What is meant by the term API Link Library?

The term API is a set of definitions and protocols for building and integrating application software

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What is meant by the term API Link Library?
What is meant by the term API Link Library?
The term API is a set of definitions and protocols for building and integrating application software. It is sometimes referred to as a contract between the information provider and the information user - the creation of the content requested by the consumer (the call) and the content requested by the producer (the response). For example, designing a weather service API could specify that the user provides a postal code and the producer responds with a two-part answer, one is high temperature, and the second is low.
In other words, if you want to interact with a computer or system to retrieve information or perform a function, an API helps you communicate what you want to that system so that it can understand and fulfill the request.
You can think of an API as an intermediary between users or clients and the resources or web services they want to acquire. It's also a way for the organization to share resources and information while maintaining security, control, and authentication - determining who can access what.
Another advantage of the API is that you don't have to know the details of caching - how your resource is being retrieved or where it is coming from.

How does the API work?
APIs allow a remote application's functionality or data to be accessed from another application, via a standard application interface. The requested program receives a request in a global language. This language used by APIs allows the target program to understand the request and then transmit the requested data.
APIs allow a product or service to communicate with others without knowing the details of how it works. They facilitate application development, saving time and money and reducing integration time. Used in many programs, it looks like a building set and offers bits of functionality that can be integrated into different applications.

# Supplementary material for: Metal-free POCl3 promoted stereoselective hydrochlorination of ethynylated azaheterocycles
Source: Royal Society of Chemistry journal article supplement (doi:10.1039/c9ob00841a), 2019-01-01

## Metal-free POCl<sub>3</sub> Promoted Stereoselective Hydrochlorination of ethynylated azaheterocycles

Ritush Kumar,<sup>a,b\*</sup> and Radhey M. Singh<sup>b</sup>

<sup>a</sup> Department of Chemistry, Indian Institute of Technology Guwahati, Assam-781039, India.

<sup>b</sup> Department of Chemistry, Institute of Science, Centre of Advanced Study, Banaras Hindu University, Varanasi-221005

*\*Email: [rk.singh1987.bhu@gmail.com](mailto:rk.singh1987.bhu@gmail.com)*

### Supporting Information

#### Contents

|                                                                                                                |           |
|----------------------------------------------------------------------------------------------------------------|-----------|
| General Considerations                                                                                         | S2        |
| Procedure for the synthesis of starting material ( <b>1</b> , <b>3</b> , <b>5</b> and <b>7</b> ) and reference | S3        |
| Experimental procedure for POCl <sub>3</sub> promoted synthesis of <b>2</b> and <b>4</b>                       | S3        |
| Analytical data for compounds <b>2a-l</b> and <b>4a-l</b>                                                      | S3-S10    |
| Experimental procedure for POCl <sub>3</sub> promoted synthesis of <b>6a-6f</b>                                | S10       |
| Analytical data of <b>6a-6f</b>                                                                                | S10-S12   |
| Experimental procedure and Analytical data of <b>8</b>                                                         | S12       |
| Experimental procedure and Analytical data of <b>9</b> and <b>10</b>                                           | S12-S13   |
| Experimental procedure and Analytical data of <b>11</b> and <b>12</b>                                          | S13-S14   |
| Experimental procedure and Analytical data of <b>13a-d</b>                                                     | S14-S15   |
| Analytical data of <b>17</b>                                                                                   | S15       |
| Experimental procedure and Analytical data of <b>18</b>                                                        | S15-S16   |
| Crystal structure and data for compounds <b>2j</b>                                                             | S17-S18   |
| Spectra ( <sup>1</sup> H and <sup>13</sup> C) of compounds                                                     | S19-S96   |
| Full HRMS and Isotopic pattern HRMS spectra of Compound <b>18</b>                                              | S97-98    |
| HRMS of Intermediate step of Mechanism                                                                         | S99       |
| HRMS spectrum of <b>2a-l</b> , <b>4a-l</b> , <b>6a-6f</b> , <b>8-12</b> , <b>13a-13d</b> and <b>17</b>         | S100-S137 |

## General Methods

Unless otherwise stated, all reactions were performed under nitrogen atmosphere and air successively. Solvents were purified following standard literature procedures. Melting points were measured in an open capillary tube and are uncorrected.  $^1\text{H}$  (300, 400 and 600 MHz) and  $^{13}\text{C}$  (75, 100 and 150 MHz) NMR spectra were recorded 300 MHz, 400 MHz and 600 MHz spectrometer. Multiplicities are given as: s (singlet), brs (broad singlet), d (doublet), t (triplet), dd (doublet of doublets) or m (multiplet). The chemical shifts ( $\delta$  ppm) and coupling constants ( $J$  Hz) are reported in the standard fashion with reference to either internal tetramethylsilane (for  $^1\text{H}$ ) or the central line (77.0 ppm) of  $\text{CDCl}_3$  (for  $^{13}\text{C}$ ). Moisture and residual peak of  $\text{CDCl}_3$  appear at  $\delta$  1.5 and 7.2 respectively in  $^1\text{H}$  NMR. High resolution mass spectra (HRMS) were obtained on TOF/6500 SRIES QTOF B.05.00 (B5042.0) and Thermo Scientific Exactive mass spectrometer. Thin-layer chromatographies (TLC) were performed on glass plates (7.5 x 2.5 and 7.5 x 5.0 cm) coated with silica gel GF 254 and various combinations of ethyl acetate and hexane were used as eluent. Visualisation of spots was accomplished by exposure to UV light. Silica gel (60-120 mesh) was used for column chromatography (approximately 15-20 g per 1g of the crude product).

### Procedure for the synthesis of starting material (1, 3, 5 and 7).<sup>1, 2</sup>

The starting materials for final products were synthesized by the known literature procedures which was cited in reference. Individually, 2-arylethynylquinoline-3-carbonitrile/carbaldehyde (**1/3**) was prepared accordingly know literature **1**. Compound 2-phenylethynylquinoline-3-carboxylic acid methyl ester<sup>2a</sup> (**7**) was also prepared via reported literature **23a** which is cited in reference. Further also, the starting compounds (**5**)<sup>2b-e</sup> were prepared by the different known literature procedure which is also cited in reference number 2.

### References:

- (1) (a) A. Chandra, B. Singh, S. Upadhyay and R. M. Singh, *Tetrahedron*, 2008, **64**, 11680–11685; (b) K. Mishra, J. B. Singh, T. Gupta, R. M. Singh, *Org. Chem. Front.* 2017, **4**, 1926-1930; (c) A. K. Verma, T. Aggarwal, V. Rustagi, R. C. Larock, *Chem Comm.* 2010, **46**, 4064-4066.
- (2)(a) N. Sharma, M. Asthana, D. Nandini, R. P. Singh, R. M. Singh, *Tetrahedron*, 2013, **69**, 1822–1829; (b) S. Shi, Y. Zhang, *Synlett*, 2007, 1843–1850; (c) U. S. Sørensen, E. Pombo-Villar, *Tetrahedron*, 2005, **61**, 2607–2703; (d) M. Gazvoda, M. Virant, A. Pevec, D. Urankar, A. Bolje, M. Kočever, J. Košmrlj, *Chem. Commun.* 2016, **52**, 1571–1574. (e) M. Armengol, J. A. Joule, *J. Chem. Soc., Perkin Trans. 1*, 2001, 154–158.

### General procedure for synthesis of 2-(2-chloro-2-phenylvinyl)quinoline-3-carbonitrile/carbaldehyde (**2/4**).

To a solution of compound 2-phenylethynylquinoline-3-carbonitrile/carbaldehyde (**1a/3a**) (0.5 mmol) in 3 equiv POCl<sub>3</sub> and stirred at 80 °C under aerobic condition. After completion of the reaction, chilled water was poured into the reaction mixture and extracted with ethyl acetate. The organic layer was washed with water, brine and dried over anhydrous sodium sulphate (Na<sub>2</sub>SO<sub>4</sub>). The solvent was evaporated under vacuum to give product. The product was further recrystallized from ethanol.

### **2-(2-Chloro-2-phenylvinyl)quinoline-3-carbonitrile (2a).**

For example, when you log into Facebook from your phone, you tell the Facebook app that you want to access your account. The mobile application makes a call to the API, or API call, to retrieve your Facebook account and credentials. Facebook then accesses this information from one of its servers and sends the data back to the mobile app.
This type of API, called the Web API, is the most common, but it is limited to the Web.
Moreover, APIs are based on a client-server architecture. Thus, the client designates the application that sends the request, while the server corresponds to the application that sends the response. APIs operate on different architecture styles, the most popular of which are REST (Representational State Transfer), RPC (Remote Procedure Calls), and SOAP (Simple Object Access Protocol).
REST APIs allow the client to submit a request in the form of data to the server. Using client data to perform internal functions, the server transmits output data. REST APIs can adapt to different data formats such as JSON or XLM.
How do you use the API?
While using the API may seem like an unnecessary extra effort, its purpose is to improve information security and facilitate access to the data required to make sound business decisions.
Unfortunately, ease of use is relative. People who are not IT professionals may be disappointed at the prospect of learning to use an API.

Choose the appropriate API
Before using the API, developers should ensure that an appropriate one is selected. A proper API is an API that can bring better business profits. The choice of API depends on the following:
User programming paradigm
The purpose of the API
The types of data to be exchanged
communication structure
The programming language in which data and services are written
required level of security
In addition, many public APIs are available with the freemium model. For people who are new to using APIs, it is interesting to start with this kind of interface in order to get acquainted with the programming world.

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